With high humidity and no breeze we were sweating profusely though our trekking pace was only moderate. Needless to say the stream we came across after about two hours was like a heavenly bliss. We bathed, got refreshed, refilled our water bottles and moved on our own as guide Sanjeeva returned from this point. We walked, talked, took pictures, ate fruits and chocolates to reenergise, enjoyed the cacophony of the birds and insects and had enough fun and frolic all through the trail. The thick canopy of the green foliage shielded us from the harsh rays of the sun during most part of the journey. It was almost 2 pm when we reached the end of the forest area. Now we were out in the open away from the protective cover of the forest verdure to the harshness of sun, nevertheless ready to savour the beauty of the golden grasslands that lay ahead of us. We were prepared for the twin challenges of climbing the steep hills and facing the harshness of the sun. It slackened our pace to some extent but that was a small price we had to pay in return for the treasure of greenery nature offered us from all corners. The distance was only about 3 kms but it took us nearly 2 ½ hours to cover it. The sight of the Bhandaje falls from this grassland looked quite tempting. By 4.30pm when the harshness of sun had subsided we had reached our destination. Here we here spotted the fresh dung of the Bison.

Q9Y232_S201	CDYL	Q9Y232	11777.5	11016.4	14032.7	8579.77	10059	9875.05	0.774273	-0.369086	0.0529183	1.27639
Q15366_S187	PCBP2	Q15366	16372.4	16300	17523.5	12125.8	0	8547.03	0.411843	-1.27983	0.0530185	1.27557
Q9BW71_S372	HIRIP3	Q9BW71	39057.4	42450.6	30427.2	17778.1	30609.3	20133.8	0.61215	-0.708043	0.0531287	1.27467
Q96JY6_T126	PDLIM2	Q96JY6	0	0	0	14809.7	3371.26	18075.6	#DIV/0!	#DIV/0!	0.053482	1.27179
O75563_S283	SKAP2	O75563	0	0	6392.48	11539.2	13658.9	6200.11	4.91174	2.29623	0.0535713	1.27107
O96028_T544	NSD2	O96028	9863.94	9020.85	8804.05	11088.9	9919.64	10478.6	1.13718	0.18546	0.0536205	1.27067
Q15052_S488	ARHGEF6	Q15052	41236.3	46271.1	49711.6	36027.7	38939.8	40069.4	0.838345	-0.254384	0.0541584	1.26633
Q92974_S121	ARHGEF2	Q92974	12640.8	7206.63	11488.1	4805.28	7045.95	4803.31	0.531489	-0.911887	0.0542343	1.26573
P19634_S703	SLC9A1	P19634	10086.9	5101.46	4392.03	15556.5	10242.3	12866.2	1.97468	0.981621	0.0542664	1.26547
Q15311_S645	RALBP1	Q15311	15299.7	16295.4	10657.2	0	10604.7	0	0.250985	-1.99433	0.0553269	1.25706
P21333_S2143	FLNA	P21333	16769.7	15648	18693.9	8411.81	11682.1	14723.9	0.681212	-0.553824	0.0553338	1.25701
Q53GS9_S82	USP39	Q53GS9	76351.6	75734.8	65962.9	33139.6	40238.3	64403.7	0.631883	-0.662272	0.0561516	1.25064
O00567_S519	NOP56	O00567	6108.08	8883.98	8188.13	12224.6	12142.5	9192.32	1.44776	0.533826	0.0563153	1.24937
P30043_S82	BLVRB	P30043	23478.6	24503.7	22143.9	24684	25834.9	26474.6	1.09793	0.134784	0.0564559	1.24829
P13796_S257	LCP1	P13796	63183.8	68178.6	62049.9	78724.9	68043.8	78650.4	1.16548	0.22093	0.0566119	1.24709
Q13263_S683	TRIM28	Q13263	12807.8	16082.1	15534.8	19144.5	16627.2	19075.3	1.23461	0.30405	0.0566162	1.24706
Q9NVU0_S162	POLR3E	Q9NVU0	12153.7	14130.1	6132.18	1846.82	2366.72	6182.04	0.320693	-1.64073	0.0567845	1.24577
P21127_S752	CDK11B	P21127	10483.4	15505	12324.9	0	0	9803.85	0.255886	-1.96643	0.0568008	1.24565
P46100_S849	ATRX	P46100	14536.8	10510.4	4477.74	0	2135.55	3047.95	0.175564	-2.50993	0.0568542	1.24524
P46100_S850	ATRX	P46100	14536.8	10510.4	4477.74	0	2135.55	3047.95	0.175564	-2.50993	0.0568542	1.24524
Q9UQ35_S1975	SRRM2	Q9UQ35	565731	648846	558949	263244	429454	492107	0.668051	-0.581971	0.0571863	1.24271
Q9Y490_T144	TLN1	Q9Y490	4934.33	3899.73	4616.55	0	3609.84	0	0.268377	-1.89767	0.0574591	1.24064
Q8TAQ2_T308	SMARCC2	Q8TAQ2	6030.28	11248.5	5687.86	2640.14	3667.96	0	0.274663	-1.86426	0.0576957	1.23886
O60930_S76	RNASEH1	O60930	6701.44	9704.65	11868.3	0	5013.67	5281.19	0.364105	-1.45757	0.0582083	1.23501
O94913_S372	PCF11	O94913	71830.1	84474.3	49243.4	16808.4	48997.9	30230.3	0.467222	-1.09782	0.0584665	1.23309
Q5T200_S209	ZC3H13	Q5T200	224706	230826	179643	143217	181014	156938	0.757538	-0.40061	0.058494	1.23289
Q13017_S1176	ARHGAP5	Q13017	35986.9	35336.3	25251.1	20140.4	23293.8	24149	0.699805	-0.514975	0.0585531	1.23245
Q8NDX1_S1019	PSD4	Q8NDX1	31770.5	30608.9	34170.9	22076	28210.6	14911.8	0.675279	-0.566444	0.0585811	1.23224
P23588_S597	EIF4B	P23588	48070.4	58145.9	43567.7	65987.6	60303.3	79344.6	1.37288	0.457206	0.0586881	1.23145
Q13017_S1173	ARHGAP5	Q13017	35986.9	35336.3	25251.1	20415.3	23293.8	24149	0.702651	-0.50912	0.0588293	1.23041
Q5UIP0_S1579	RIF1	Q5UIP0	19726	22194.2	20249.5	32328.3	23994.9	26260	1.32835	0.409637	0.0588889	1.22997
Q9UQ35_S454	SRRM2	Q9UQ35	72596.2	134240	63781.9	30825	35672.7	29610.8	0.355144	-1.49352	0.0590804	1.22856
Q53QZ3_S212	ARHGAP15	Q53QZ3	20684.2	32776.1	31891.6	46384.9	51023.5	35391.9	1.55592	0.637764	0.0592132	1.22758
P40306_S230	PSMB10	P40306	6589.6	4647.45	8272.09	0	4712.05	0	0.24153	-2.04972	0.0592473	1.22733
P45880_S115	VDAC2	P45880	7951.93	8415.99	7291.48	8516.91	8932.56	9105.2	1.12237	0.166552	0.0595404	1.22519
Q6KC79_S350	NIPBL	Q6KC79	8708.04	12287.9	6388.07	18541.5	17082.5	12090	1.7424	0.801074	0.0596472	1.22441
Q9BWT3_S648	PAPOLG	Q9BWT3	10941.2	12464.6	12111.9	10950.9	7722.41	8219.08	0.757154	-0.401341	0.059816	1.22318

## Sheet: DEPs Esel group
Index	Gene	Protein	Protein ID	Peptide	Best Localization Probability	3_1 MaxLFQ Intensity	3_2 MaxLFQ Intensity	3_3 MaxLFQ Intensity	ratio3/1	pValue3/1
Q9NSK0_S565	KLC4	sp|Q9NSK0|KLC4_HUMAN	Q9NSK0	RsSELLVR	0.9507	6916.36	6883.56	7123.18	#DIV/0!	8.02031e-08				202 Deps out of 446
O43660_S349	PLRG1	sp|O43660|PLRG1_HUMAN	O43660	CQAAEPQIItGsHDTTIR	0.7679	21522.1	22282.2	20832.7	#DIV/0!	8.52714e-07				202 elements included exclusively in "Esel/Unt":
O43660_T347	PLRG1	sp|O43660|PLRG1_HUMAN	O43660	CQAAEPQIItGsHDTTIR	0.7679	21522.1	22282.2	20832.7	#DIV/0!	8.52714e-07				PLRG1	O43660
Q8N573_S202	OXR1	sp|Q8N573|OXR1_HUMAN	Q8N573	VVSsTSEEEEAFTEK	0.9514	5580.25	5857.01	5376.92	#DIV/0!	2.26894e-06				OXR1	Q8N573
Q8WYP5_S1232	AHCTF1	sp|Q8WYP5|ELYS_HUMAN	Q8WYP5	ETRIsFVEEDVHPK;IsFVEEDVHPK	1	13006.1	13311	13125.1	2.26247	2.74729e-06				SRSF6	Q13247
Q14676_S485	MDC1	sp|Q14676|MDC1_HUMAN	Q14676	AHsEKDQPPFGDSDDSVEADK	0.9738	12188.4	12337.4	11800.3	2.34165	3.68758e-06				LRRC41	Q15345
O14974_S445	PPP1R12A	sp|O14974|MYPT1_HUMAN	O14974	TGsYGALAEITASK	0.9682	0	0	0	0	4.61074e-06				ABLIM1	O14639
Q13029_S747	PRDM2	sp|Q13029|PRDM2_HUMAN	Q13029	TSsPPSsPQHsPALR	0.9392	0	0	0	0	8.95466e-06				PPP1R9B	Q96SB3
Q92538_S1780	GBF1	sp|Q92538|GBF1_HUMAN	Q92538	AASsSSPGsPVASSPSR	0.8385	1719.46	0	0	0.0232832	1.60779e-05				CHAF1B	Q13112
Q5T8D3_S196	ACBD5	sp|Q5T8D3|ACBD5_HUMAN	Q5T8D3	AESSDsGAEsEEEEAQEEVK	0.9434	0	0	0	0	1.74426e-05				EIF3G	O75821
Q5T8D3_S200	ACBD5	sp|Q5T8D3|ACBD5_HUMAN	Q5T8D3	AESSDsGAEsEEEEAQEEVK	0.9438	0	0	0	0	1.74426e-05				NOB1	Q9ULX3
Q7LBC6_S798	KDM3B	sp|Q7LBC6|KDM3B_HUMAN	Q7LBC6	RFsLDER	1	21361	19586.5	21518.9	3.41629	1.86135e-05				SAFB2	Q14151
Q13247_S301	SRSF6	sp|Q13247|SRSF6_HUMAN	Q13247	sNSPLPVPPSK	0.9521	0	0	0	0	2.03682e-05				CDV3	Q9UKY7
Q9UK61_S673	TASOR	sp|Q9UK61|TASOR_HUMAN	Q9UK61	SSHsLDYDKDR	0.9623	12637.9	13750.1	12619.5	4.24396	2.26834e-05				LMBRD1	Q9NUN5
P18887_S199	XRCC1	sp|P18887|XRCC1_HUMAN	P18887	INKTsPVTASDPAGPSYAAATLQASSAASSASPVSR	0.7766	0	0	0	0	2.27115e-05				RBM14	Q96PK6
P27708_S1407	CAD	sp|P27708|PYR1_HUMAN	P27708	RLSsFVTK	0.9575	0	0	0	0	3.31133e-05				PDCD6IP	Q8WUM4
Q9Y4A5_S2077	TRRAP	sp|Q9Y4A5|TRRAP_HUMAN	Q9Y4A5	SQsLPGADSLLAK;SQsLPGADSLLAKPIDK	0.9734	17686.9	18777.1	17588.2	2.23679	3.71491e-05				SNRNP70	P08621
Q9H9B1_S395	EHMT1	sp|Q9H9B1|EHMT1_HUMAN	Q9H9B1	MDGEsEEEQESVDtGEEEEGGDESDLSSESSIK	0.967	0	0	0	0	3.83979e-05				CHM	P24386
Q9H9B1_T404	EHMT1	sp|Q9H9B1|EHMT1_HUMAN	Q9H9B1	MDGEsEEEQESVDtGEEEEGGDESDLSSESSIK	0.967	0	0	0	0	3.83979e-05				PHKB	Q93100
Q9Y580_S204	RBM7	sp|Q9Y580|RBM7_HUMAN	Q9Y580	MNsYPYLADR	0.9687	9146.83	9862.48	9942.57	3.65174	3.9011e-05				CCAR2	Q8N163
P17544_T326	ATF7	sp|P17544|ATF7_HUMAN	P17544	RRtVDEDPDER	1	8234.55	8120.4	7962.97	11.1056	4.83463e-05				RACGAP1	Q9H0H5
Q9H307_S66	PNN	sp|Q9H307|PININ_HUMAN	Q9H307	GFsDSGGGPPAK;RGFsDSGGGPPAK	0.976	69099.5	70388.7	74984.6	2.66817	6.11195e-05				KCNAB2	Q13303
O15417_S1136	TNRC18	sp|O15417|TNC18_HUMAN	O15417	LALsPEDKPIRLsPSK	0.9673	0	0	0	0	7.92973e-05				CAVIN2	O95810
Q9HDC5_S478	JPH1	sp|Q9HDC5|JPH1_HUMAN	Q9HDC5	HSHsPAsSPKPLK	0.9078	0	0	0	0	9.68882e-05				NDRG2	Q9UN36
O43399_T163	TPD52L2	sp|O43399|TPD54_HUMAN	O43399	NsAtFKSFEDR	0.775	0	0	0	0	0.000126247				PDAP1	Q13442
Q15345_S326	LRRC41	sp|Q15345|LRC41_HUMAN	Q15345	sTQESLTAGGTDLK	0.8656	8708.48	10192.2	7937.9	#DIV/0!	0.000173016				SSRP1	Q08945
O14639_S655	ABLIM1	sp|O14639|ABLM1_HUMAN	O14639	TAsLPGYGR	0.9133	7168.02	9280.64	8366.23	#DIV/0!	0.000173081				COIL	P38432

But that was not the base of the Bhandaje falls and to reach that we walked for another 20 minutes and then had to climb down a steep slope and there we were at the base of the picturesque and celebrated Bhandaje waterfalls. Situated at a height of almost 700 meters above sea level the waterfalls flows in between two hills and cascades from a height of more than 200 feet to give a real feast to the eyes. It was our good fortune that we had reached the spot in time to relish the intensified beauty of the waterfall amid the loveliness of the sun plunging into the horizon treating us with the splendour of its multiple hues.